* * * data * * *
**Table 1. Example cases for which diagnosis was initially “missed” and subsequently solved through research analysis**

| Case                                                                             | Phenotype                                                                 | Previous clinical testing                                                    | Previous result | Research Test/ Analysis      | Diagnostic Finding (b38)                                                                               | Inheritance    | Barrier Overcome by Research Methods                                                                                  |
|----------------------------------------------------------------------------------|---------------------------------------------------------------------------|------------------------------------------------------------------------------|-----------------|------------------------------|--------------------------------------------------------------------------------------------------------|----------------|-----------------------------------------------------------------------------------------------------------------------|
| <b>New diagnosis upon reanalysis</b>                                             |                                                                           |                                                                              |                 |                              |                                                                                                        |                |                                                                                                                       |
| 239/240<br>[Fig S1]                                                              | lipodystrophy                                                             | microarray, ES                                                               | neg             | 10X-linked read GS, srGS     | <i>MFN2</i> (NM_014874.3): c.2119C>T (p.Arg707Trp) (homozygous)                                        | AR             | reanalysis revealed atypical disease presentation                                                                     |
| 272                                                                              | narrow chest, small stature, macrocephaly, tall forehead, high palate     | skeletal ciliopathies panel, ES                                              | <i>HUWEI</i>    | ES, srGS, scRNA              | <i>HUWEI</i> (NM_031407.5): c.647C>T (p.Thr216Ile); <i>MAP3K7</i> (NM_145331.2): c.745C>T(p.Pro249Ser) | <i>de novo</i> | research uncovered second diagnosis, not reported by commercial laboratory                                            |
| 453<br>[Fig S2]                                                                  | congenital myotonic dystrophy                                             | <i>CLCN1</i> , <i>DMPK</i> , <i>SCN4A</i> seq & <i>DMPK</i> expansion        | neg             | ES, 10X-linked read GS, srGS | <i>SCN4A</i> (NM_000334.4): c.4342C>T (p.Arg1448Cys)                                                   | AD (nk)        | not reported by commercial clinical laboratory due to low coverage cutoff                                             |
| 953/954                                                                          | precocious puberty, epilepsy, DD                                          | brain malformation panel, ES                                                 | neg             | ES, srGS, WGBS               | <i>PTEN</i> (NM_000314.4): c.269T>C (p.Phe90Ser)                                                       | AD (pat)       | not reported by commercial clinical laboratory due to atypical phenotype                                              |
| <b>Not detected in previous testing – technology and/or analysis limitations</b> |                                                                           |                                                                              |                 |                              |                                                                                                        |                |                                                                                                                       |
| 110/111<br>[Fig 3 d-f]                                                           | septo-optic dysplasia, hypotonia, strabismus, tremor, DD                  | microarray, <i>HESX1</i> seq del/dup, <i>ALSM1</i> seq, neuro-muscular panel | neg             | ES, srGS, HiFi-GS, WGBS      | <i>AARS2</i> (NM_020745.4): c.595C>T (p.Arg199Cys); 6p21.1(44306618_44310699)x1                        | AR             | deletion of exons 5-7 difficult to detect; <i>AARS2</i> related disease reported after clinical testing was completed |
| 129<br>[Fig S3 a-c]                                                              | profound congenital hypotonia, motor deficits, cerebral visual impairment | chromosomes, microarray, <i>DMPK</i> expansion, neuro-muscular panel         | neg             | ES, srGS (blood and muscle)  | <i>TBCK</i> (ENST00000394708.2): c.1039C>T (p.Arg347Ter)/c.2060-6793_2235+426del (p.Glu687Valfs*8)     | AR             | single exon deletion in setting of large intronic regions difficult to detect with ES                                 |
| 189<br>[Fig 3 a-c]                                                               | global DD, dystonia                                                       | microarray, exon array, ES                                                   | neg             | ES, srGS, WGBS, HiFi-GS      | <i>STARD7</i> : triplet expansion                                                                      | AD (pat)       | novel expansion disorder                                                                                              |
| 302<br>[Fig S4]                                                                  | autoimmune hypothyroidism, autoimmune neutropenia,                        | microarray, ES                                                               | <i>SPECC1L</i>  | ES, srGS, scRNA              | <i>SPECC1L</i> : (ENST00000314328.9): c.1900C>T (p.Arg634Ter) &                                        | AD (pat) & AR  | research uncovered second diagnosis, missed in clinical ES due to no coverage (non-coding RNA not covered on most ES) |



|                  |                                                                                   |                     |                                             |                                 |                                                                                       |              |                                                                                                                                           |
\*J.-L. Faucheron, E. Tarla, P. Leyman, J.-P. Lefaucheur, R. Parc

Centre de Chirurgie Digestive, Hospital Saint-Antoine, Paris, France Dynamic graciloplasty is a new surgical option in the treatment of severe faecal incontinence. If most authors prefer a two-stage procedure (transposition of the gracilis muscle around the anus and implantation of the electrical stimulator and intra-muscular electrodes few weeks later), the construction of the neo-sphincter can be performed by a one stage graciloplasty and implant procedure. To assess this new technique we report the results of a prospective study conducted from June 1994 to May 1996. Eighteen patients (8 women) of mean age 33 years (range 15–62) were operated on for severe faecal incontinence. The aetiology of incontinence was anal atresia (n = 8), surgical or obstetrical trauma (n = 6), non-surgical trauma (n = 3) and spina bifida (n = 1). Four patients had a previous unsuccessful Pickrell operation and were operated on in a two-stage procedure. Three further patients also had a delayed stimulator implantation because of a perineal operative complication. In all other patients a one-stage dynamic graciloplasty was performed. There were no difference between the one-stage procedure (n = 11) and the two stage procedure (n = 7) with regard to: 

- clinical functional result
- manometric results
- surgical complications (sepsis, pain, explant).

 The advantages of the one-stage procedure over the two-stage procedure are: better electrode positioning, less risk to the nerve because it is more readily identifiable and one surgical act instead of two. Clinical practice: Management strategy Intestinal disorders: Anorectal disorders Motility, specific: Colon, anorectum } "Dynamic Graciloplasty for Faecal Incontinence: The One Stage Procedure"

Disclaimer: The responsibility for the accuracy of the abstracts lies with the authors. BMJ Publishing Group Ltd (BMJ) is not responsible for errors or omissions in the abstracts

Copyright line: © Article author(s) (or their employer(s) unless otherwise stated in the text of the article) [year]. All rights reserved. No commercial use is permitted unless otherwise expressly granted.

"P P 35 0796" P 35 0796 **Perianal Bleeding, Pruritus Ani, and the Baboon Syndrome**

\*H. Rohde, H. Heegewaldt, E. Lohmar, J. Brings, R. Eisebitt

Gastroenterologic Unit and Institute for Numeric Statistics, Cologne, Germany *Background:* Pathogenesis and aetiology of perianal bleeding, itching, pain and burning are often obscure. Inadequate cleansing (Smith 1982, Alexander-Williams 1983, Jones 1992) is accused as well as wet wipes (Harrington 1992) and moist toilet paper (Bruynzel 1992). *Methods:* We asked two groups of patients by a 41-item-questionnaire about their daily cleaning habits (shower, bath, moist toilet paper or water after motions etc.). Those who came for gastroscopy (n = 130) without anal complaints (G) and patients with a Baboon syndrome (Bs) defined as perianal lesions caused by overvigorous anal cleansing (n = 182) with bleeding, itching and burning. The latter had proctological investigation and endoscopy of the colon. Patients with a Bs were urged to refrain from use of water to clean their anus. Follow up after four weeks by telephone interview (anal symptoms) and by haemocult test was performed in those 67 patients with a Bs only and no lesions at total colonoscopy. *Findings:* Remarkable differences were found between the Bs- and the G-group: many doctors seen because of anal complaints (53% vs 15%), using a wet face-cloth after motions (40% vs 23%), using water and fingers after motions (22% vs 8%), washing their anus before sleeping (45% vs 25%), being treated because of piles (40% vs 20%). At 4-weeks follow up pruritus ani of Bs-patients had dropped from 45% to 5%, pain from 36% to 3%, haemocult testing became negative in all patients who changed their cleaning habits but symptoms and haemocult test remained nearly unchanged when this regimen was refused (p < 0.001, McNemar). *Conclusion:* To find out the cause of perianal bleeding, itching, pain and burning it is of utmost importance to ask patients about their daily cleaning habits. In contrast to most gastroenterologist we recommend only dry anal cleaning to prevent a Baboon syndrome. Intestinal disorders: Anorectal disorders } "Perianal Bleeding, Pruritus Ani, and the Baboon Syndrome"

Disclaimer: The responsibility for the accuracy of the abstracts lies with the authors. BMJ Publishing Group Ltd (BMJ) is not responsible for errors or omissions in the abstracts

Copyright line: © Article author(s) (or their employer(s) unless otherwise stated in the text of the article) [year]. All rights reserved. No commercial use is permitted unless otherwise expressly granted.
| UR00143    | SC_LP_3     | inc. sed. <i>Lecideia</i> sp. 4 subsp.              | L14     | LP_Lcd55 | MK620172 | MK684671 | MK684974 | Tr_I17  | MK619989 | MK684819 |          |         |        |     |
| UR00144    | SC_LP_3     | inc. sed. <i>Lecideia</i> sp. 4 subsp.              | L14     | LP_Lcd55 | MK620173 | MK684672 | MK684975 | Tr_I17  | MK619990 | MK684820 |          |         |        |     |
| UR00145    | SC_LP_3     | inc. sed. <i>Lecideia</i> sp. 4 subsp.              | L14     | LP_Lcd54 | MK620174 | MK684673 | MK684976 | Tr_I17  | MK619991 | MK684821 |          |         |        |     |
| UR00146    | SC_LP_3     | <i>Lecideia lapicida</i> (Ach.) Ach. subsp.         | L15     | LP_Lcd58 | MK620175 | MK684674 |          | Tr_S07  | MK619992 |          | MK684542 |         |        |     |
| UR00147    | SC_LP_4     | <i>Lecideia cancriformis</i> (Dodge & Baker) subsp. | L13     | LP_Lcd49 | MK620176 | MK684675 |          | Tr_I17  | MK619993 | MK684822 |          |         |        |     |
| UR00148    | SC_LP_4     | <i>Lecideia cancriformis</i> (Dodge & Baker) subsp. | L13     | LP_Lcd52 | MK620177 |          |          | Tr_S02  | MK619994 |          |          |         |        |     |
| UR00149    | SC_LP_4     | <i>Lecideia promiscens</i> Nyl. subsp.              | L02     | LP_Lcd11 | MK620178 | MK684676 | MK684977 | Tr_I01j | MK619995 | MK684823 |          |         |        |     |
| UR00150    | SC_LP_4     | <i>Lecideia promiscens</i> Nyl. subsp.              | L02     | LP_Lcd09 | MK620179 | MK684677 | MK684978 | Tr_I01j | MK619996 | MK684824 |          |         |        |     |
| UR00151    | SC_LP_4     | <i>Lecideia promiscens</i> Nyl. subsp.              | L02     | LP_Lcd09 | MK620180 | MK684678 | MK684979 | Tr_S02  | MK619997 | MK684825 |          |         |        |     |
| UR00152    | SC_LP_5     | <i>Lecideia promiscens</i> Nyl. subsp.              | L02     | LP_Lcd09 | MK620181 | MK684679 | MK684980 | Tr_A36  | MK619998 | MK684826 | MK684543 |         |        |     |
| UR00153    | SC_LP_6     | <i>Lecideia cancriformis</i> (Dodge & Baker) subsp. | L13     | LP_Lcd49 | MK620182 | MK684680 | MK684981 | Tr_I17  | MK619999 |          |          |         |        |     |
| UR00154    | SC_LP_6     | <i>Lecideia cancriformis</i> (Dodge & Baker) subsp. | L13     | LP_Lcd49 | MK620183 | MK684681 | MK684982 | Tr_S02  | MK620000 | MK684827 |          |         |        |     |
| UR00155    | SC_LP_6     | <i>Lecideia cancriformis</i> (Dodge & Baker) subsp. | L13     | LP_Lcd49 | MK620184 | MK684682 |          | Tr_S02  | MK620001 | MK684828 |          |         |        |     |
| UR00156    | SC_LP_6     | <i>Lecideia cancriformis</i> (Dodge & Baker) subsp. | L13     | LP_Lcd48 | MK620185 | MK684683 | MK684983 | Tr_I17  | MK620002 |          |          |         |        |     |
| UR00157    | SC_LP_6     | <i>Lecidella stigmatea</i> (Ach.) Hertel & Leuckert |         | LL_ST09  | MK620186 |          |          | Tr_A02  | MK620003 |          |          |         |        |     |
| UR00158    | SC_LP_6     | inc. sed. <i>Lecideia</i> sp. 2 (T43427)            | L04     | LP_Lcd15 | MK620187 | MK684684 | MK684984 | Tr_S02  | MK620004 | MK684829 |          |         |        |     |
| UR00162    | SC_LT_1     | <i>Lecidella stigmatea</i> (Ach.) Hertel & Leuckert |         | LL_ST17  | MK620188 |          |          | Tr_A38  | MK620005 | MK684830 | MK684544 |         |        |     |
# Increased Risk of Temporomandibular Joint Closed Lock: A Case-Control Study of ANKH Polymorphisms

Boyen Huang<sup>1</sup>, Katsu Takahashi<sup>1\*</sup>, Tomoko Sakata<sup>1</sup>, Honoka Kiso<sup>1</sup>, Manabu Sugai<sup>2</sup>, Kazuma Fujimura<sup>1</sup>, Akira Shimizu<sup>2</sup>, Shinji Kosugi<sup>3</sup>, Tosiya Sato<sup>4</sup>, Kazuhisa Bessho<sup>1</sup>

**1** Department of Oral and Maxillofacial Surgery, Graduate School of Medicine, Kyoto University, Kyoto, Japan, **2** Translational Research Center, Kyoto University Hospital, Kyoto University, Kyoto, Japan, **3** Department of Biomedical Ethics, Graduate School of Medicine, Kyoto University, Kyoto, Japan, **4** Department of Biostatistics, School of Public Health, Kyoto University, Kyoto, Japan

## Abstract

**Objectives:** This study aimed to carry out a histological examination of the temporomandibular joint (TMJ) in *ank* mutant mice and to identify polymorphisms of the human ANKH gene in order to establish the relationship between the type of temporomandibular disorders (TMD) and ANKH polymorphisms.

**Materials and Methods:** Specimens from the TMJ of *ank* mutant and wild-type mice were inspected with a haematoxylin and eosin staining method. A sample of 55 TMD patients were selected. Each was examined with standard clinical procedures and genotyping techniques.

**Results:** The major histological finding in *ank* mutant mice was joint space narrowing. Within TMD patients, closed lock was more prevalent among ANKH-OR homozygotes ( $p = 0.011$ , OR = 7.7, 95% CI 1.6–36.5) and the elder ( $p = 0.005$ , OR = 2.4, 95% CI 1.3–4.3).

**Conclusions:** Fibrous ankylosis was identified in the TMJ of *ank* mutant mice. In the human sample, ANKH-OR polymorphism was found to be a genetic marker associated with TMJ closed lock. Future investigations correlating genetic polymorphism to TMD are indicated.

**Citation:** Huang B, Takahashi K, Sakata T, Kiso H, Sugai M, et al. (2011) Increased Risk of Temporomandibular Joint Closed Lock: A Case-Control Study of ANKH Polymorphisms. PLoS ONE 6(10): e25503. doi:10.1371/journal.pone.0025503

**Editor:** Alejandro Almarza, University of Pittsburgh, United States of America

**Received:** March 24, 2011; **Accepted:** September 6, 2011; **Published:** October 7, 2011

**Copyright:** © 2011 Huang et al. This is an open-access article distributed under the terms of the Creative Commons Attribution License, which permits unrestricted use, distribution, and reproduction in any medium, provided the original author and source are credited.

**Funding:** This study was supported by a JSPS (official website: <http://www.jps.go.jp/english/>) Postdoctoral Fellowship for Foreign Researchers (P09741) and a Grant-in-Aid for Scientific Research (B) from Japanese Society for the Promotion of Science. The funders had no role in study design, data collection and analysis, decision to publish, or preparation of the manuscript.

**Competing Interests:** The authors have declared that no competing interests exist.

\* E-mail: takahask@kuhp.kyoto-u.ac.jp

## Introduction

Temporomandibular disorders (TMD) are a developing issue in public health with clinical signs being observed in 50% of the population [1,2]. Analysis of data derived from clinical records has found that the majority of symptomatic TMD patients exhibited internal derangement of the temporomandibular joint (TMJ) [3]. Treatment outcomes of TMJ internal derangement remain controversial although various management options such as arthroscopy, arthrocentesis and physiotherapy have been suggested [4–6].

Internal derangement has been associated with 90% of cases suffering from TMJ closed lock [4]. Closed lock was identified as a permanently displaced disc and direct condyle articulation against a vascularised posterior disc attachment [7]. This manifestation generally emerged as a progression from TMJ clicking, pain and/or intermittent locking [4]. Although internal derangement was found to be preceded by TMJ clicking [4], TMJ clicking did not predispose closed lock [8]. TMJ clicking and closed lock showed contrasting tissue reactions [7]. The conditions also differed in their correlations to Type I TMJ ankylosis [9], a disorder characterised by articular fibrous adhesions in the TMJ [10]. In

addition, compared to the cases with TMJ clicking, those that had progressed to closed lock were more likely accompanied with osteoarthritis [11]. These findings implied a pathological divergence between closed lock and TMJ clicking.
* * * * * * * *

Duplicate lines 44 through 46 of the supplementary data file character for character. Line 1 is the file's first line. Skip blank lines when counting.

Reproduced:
| UR00162    | SC_LT_1     | <i>Lecidella stigmatea</i> (Ach.) Hertel & Leuckert |         | LL_ST17  | MK620188 |          |          | Tr_A38  | MK620005 | MK684830 | MK684544 |         |        |     |
# Increased Risk of Temporomandibular Joint Closed Lock: A Case-Control Study of ANKH Polymorphisms

Boyen Huang<sup>1</sup>, Katsu Takahashi<sup>1\*</sup>, Tomoko Sakata<sup>1</sup>, Honoka Kiso<sup>1</sup>, Manabu Sugai<sup>2</sup>, Kazuma Fujimura<sup>1</sup>, Akira Shimizu<sup>2</sup>, Shinji Kosugi<sup>3</sup>, Tosiya Sato<sup>4</sup>, Kazuhisa Bessho<sup>1</sup>